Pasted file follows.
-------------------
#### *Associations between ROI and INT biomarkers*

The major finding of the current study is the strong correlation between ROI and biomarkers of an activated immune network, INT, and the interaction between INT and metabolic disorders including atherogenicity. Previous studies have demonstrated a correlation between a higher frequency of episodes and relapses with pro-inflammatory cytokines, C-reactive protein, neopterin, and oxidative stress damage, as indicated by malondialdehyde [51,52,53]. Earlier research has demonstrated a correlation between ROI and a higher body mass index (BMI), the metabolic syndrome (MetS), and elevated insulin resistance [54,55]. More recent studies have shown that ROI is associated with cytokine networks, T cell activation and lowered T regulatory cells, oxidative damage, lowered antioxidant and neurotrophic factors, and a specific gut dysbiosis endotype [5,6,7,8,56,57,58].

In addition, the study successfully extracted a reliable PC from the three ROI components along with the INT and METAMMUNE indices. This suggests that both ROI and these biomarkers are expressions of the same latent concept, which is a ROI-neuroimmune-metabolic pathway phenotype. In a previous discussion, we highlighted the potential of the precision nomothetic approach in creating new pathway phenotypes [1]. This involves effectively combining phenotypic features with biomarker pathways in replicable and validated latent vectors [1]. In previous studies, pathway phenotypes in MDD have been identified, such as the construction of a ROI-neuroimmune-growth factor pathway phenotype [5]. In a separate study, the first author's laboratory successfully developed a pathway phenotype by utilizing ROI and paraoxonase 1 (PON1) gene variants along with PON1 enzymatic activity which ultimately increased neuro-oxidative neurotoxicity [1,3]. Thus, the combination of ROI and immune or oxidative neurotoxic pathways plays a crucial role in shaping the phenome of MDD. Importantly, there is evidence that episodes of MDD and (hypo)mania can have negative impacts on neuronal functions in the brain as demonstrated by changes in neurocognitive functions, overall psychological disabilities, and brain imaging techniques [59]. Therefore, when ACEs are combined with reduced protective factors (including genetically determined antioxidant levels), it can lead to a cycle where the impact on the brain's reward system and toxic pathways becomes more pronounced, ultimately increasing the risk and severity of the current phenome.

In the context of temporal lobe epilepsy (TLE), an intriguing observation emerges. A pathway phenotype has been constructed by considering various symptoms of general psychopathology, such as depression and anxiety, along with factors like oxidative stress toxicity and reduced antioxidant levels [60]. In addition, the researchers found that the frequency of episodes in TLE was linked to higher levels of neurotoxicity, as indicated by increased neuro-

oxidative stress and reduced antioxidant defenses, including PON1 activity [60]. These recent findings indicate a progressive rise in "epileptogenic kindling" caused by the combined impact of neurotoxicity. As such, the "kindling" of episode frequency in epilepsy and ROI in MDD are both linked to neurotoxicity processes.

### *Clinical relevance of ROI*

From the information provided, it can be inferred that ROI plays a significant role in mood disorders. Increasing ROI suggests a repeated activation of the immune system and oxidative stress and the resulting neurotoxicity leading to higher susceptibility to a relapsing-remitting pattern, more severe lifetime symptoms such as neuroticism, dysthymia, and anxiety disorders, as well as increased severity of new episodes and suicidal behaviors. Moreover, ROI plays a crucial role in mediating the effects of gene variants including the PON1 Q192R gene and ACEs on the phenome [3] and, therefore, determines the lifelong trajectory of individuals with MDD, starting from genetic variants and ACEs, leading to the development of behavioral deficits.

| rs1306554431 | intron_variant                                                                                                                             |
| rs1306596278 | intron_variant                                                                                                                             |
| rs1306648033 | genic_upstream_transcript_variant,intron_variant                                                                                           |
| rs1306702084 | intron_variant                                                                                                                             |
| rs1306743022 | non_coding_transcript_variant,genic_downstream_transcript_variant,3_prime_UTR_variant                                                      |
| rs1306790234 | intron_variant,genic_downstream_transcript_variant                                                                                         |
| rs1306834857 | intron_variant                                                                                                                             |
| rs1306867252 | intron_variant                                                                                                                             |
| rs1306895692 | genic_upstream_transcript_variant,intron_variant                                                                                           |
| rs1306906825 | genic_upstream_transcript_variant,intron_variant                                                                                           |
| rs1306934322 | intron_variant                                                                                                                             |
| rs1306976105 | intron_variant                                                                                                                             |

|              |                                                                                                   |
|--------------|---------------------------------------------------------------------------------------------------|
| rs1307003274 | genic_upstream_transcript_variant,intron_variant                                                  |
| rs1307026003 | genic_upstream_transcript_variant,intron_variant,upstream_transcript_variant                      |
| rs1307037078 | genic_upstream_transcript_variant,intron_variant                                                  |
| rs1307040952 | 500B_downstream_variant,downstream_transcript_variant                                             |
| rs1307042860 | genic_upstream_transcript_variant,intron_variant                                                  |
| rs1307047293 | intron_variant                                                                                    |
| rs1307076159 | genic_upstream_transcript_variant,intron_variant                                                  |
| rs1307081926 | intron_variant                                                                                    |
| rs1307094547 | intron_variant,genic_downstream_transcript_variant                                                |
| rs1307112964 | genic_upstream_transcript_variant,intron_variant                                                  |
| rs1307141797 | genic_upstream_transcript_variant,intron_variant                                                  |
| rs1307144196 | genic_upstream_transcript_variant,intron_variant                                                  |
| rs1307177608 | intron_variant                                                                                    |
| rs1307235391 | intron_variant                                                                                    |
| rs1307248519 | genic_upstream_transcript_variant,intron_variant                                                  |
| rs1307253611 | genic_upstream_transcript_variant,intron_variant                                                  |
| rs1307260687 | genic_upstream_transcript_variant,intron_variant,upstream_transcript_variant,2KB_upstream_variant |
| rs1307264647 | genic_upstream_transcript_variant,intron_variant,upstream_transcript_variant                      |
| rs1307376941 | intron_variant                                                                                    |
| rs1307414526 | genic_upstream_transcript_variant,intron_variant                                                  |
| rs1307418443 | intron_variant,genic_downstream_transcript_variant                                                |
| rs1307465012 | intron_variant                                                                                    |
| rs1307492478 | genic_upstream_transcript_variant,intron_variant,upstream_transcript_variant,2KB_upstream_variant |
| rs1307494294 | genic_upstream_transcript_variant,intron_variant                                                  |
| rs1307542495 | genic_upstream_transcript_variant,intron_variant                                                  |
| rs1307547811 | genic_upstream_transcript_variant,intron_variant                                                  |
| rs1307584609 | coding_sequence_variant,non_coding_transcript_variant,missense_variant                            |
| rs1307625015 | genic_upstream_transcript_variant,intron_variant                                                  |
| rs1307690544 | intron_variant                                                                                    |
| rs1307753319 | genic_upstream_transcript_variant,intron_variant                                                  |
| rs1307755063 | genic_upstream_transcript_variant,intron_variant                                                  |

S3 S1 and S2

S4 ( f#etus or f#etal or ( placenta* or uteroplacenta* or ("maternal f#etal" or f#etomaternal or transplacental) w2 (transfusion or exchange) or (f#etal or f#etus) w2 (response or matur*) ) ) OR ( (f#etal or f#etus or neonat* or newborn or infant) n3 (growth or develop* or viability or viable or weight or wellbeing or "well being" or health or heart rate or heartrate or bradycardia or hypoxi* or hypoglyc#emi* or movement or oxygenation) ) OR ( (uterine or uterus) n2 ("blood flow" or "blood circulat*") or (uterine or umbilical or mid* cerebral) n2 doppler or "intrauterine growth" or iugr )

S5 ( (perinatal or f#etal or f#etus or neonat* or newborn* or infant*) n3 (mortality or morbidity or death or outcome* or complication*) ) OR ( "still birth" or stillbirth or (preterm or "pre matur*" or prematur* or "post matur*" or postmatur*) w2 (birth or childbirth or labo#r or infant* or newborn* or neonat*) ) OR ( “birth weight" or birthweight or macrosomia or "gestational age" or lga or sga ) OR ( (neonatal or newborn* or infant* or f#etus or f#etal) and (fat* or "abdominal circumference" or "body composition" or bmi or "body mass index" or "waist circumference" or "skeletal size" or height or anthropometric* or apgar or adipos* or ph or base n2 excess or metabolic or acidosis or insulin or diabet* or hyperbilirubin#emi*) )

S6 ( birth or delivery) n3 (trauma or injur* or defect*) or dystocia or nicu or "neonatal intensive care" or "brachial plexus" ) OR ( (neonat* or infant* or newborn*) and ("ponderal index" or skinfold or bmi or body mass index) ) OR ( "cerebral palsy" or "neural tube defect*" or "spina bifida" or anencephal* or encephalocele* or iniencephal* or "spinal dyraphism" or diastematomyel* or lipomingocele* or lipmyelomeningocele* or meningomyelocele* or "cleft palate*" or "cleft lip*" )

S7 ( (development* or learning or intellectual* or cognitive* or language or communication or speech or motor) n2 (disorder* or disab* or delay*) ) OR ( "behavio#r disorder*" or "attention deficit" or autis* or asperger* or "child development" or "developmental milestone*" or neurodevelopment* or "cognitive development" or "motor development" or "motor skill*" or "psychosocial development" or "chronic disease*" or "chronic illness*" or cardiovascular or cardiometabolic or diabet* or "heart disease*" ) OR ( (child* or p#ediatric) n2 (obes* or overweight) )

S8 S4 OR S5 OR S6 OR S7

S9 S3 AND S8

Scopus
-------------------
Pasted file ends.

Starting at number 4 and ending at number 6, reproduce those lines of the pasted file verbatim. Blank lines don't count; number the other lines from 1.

In the context of temporal lobe epilepsy (TLE), an intriguing observation emerges. A pathway phenotype has been constructed by considering various symptoms of general psychopathology, such as depression and anxiety, along with factors like oxidative stress toxicity and reduced antioxidant levels [60]. In addition, the researchers found that the frequency of episodes in TLE was linked to higher levels of neurotoxicity, as indicated by increased neuro-

oxidative stress and reduced antioxidant defenses, including PON1 activity [60]. These recent findings indicate a progressive rise in "epileptogenic kindling" caused by the combined impact of neurotoxicity. As such, the "kindling" of episode frequency in epilepsy and ROI in MDD are both linked to neurotoxicity processes.

### *Clinical relevance of ROI*